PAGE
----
Is there, however, an all-round inferior race in the world? Even the Australian black-fellow is, perhaps, not quite so entirely eligible for extinction as a good, wholesome, horse-racing, sheep-farming Australian white may think. These queer little races, the black-fellows, the Pigmies, the Bushmen, may have their little gifts, a greater keenness, a greater fineness of this sense or that, a quaintness of the imagination or what not, that may serve as their little unique addition to the totality of our Utopian civilisation. We are supposing that every individual alive on earth is alive in Utopia, and so all the surviving “black-fellows” are there. Every one of them in Utopia has had what none have had on earth, a fair education and fair treatment, justice, and opportunity. Suppose that the common idea is right about the general inferiority of these people, then it would follow that in Utopia most of them are childless, and working at or about the minimum wage, and some will have passed out of all possibility of offspring under the hand of the offended law; but still — cannot we imagine some few of these little people — whom you must suppose neither naked nor clothed in the European style, but robed in the Utopian fashion — may have found some delicate art to practise, some peculiar sort of carving, for example, that justifies God in creating them? Utopia has sound sanitary laws, sound social laws, sound economic laws; what harm are these people going to do?

Some may be even prosperous and admired, may have married women of their own or some other race, and so may be transmitting that distinctive thin thread of excellence, to take its due place in the great synthesis of the future.

And, indeed, coming along that terrace in Utopia, I see a little figure, a little bright-eyed, bearded man, inky black, frizzy haired, and clad in a white tunic and black hose, and with a mantle of lemon yellow wrapped about his shoulders. He walks, as most Utopians walk, as though he had reason to be proud of something, as though he had no reason to be afraid of anything in the world. He carries a portfolio in his hand. It is that, I suppose, as much as his hair, that recalls the Quartier Latin to my mind.

Section 4

I had already discussed the question of race with the botanist at Lucerne.

“But you would not like,” he cried in horror, “your daughter to marry a Chinaman or a negro?”

“Of course,” said I, “when you say Chinaman, you think of a creature with a pigtail, long nails, and insanitary habits, and when you say negro you think of a filthy-headed, black creature in an old hat. You do this because your imagination is too feeble to disentangle the inherent qualities of a thing from its habitual associations.”

“Insult isn’t argument,” said the botanist.

“Neither is unsound implication. You make a question of race into a question of unequal cultures. You would not like your daughter to marry the sort of negro who steals hens, but then you would also not like your daughter to marry a pure English hunchback with a squint, or a drunken cab tout of Norman blood. As a matter of fact, very few well-bred English girls do commit that sort of indiscretion. But you don’t think it necessary to generalise against men of your own race because there are drunken cab touts, and why should you generalise against negroes? Because the proportion of undesirables is higher among negroes, that does not justify a sweeping condemnation. You may have to condemn most, but why all? There may be — neither of us knows enough to deny — negroes who are handsome, capable, courageous.”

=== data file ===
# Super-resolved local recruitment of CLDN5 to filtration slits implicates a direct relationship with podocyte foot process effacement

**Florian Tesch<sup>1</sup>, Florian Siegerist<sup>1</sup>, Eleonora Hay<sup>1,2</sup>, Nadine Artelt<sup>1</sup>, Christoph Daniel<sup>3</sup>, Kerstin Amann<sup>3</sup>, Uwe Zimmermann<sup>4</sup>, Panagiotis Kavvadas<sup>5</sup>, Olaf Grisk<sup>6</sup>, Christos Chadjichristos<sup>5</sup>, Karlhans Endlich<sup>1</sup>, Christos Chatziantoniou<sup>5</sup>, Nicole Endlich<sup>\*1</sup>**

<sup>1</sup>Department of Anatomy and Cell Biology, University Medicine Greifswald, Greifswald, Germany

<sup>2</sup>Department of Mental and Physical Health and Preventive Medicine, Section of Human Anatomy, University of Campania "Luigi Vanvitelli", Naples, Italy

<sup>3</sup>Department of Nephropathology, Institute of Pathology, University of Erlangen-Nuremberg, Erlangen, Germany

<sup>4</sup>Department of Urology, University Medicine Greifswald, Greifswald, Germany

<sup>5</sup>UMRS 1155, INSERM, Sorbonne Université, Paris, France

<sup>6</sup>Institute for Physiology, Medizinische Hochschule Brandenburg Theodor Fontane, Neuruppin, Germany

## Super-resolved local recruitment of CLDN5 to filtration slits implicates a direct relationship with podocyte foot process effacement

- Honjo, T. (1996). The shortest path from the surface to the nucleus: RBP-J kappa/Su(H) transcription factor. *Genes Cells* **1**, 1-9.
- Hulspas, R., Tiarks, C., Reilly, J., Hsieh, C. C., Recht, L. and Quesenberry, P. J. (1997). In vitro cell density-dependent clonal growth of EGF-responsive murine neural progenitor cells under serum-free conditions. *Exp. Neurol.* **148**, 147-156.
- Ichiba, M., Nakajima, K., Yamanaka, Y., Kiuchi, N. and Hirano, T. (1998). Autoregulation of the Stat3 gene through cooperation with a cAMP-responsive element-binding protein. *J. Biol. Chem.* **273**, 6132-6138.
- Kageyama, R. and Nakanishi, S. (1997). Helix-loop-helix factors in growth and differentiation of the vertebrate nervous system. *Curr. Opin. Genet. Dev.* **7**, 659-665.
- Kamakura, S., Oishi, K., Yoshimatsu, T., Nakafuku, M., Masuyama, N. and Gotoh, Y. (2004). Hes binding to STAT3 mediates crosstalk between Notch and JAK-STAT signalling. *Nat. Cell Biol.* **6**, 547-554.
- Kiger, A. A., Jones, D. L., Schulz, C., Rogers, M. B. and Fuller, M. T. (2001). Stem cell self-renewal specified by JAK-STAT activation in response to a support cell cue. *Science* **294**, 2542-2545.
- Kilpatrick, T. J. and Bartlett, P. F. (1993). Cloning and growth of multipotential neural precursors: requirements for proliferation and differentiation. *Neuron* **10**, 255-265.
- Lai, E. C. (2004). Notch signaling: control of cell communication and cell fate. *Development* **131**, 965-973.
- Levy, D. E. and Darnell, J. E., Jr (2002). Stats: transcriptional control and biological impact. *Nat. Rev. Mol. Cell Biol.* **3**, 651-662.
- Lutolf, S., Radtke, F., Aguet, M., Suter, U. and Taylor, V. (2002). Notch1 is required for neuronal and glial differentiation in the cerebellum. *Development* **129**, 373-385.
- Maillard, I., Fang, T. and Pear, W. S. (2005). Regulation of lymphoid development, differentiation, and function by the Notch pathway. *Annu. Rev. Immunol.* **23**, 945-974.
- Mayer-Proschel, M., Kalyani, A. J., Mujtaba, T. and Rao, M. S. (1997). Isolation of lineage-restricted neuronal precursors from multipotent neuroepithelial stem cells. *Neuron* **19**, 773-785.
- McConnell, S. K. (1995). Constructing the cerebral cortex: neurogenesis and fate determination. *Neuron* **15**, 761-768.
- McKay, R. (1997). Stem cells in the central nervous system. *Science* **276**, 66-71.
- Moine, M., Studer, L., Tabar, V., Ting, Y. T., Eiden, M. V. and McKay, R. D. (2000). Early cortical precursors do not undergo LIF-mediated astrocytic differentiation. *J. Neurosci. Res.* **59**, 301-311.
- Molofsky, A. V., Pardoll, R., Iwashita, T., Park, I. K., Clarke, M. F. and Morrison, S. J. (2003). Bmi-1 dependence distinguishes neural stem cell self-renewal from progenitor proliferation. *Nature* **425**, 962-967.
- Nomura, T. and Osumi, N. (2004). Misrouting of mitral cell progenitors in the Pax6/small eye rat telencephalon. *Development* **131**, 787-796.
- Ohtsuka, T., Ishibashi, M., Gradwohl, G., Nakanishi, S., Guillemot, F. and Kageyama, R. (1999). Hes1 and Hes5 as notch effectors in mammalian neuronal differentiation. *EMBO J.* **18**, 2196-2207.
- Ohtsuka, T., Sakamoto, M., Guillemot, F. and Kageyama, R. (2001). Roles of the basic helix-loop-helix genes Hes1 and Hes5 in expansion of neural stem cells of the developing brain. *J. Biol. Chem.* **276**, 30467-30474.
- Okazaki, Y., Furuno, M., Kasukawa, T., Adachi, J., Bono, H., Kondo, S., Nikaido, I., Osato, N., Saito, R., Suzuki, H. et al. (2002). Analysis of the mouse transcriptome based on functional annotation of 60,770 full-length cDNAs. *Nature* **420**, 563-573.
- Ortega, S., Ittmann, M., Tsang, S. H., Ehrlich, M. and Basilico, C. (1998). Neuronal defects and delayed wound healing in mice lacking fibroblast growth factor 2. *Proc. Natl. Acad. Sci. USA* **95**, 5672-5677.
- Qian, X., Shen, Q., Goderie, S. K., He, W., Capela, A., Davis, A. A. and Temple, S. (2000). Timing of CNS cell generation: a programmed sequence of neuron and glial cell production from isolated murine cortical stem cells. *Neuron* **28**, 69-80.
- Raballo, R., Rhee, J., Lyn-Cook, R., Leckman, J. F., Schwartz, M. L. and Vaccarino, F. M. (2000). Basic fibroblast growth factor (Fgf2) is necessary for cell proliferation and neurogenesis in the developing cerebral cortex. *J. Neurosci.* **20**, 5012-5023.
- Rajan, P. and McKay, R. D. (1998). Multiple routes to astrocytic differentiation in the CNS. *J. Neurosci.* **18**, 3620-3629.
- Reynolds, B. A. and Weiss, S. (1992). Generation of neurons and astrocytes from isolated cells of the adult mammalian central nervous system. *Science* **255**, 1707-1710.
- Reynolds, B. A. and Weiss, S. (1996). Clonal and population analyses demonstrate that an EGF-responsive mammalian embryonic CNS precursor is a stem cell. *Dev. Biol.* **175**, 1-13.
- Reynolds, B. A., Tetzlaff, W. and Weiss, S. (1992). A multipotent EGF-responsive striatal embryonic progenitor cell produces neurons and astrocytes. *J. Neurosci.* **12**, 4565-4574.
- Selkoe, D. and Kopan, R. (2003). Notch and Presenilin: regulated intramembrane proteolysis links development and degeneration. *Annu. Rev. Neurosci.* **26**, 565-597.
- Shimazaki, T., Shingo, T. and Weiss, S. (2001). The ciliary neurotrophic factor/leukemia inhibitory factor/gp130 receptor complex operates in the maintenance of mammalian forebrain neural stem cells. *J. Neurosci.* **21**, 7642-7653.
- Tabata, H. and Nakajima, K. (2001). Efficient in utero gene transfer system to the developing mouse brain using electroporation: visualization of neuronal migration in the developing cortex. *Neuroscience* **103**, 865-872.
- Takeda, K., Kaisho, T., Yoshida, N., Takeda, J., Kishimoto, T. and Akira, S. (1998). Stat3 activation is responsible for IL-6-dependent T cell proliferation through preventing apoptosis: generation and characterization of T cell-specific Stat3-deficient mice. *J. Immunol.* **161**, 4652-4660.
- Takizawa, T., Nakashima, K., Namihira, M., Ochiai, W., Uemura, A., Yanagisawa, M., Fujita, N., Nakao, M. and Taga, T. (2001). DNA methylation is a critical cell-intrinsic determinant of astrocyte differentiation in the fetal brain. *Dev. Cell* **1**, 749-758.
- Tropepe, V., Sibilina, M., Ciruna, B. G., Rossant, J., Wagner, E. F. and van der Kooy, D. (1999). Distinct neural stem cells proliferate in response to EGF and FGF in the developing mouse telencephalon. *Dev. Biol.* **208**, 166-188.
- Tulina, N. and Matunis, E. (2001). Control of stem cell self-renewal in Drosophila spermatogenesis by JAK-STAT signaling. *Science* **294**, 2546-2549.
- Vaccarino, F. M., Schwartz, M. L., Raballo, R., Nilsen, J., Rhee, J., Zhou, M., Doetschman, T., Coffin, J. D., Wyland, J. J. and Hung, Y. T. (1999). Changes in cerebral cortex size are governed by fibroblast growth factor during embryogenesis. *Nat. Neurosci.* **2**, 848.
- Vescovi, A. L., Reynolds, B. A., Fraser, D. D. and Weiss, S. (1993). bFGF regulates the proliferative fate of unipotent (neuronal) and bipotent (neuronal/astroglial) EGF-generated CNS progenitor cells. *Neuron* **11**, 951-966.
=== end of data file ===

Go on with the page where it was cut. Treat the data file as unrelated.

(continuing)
“Ugh!” said the botanist.

“How detestable you must find Othello!”

It is my Utopia, and for a moment I could almost find it in my heart to spite the botanist by creating a modern Desdemona and her lover sooty black to the lips, there before our eyes. But I am not so sure of my case as that, and for the moment there shall come nothing more than a swart-faced, dusky Burmese woman in the dress of the Greater Rule, with her tall Englishman (as he might be on earth) at her side. That, however, is a digression from my conversation with the botanist.

“And the Chinaman?” said the botanist.

“I think we shall have all the buff and yellow peoples intermingling pretty freely.”

“Chinamen and white women, for example.”

“Yes,” I said, “you’ve got to swallow that, anyhow; you shall swallow that.”

He finds the idea too revolting for comment.

I try and make the thing seem easier for him. “Do try,” I said, “to grasp a Modern Utopian’s conditions. The Chinaman will speak the same language as his wife — whatever her race may be — he will wear costume of the common civilised fashion, he will have much the same education as his European rival, read the same literature, bow to the same traditions. And you must remember a wife in Utopia is singularly not subject to her husband. . . . ”

The botanist proclaims his invincible conclusion: “Everyone would cut her!”

“This is Utopia,” I said, and then sought once more to tranquillise his mind. “No doubt among the vulgar, coarse-minded people outside the Rule there may be something of the sort. Every earthly moral blockhead, a little educated, perhaps, is to be found in Utopia. You will, no doubt, find the ‘cut’ and the ‘boycott,’ and all those nice little devices by which dull people get a keen edge on life, in their place here, and their place here is somewhere ——”

I turned a thumb earthward. “There!”

The botanist did not answer for a little while. Then he said, with some temper and great emphasis: “Well, I’m jolly glad anyhow that I’m not to be a permanent resident in this Utopia, if our daughters are to be married to Hottentots by regulation. I’m jolly glad.”

He turned his back on me.

Now did I say anything of the sort? . . .

I had to bring him, I suppose; there’s no getting away from him in this life. But, as I have already observed, the happy ancients went to their Utopias without this sort of company.